• 2012: Supreme Court ordered a stay on the reintroduction project.
  • 2020: South African experts visited four potential sites: Kuno-PalpurNauradehi Wildlife Sanctuary, Gandhi Sagar Wildlife Sanctuary and Madhav National Park.

About the recent translocation programme 

  • Project Cheetah: The introduction of cheetahs in India is being done under Project Cheetah, which is the world’s first intercontinental large wild carnivore translocation project.
  • Coexistence approach: India has opted for this approach. It is even more unique because this is the first time cheetahs will be reintroduced in an unfenced protected area (PA).
    •  Significance of Coexistence approach
      • The Coexistence approach is considered more favourable by social scientists.
      • Fencing has proven to be a valuable tool in eliminating cheetahs’ tendency to range over wide distances in South Africa and Malawi, thus allowing for population growth.
      • The core conservation area of KNP is largely free of anthropogenic threats.
    • Challenges associated with Coexistence approach 
      • Kuno NP will be more challenging, as it is not enclosed / fenced.
      • There have been no successful cheetah reintroductions into unfenced systems.
      • Anthropogenic threats to cheetah survival include snaring for bush meat and retaliatory killings due to livestock depredation.
      • This would place them at the risk of human-related mortality including snaring and retaliatory killings by livestock farmers.
  • Fortress conservation: Cheetahs have been reintroduced several times in various African countries
    • But these reintroductions were all done in fenced PAs as fencing provides safety from human-animal conflict caused due to cheetahs killing livestock. 
Kuno National ParkKuno National Park is a national park in MP established in 1981 as a wildlife sanctuary. In 2018, it was given the status of a national park. It is part of the Khathiar-Gir dry deciduous forests.KunoPalpur Wildlife Sanctuary is underway to become India’s second home for the Asiatic lion.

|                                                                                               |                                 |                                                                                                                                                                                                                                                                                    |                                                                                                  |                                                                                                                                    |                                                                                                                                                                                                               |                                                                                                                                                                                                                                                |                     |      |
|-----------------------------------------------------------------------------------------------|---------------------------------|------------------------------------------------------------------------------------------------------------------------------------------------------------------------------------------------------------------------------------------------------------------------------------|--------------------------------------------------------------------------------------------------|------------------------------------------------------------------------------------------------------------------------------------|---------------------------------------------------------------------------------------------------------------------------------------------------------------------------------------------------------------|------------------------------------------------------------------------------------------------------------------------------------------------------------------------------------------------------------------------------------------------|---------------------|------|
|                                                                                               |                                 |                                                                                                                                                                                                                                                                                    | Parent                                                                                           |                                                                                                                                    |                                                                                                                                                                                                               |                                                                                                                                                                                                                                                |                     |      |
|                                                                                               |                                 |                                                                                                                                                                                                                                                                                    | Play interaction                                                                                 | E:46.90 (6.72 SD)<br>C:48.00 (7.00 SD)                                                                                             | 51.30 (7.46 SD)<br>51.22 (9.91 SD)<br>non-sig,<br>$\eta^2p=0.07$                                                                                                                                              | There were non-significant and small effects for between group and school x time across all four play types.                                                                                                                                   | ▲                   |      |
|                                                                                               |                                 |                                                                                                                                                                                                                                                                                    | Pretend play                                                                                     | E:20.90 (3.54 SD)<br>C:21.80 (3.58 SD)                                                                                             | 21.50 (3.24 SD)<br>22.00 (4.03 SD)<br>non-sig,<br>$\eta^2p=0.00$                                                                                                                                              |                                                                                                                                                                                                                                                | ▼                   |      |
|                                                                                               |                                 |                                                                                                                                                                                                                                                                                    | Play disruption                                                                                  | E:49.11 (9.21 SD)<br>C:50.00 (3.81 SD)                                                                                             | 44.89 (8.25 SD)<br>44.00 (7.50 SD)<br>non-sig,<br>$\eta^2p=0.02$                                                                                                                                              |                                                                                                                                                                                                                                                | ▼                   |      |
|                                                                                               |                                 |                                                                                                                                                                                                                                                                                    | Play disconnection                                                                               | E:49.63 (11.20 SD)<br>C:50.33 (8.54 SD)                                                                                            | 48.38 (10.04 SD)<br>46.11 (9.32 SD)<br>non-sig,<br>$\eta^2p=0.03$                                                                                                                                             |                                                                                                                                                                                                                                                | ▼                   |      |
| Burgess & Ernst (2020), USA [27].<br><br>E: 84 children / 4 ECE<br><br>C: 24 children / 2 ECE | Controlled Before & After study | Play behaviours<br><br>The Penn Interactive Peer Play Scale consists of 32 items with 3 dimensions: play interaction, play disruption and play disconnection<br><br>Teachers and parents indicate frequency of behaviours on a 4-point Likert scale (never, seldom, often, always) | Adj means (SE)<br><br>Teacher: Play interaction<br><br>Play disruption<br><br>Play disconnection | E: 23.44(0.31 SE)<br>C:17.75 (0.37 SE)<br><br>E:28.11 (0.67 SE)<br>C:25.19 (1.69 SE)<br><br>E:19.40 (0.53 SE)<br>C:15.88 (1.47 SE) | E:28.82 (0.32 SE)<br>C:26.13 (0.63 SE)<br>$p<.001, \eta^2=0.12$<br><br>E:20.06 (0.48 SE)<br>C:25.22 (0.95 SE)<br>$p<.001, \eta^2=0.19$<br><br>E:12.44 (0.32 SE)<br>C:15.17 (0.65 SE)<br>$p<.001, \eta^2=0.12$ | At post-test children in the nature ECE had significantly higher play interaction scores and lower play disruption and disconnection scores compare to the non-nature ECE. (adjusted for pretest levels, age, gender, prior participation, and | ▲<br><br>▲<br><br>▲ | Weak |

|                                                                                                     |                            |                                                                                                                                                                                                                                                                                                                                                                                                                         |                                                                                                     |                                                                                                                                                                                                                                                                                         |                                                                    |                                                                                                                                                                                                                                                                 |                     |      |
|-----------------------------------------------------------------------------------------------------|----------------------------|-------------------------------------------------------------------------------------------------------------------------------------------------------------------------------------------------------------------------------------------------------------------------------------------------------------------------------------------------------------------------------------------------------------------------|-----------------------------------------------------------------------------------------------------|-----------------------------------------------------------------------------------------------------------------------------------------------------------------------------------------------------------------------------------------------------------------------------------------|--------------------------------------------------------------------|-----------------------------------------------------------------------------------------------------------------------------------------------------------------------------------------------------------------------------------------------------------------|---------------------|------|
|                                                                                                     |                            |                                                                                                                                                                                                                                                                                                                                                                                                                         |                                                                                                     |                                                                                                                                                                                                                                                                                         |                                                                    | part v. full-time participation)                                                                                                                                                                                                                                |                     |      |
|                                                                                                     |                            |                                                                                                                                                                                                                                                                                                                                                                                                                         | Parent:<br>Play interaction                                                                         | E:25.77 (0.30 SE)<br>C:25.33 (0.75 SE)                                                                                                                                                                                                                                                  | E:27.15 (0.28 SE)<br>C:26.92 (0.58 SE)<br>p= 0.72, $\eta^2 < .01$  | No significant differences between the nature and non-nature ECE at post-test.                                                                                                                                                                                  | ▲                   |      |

Significance of Cheetah reintroduction

  • India as historical Cheetah habitat: The Cheetah habitat in India historically is from Jammu to Tamil Nadu, very widespread and they were found in any habitat dry forests, grasslands, scrub forest, etc.
  • Pray base: Experts believe that as long as there is enough food and there is protection they will regenerate on their own. A‘prey base’ that can sustain the population and that has already been prepared at the Kuno-Palpur sanctuary.
  • Cheetahs will help in the restoration of open forest and grassland ecosystems in India. 
  • The cheetah is a flagship grassland species; whose conservation also helps in preserving other grassland species in the predator food chain. 
  • This will help conserve biodiversity and enhance the ecosystem services like water security, carbon sequestration and soil moisture conservation, benefiting society at large.
  • It will also lead to enhanced livelihood opportunities for the local community through eco-development and ecotourism activities.


  • Coexistence with tigers and leopards: 
    • There may be intra-guild competition between the big cats in Kuno. 
    • More aggressive predators such as tigers and leopards will compete with the cheetahs. 
    • They may be driven to the outskirts of the park, where they could come into conflict with humans.
  • Locational Challenges of Kuno-Palpur National Park:
    • Different vegetation type:
      • The protected area of Kuno-Palpur National Park is largely dry, deciduous forest.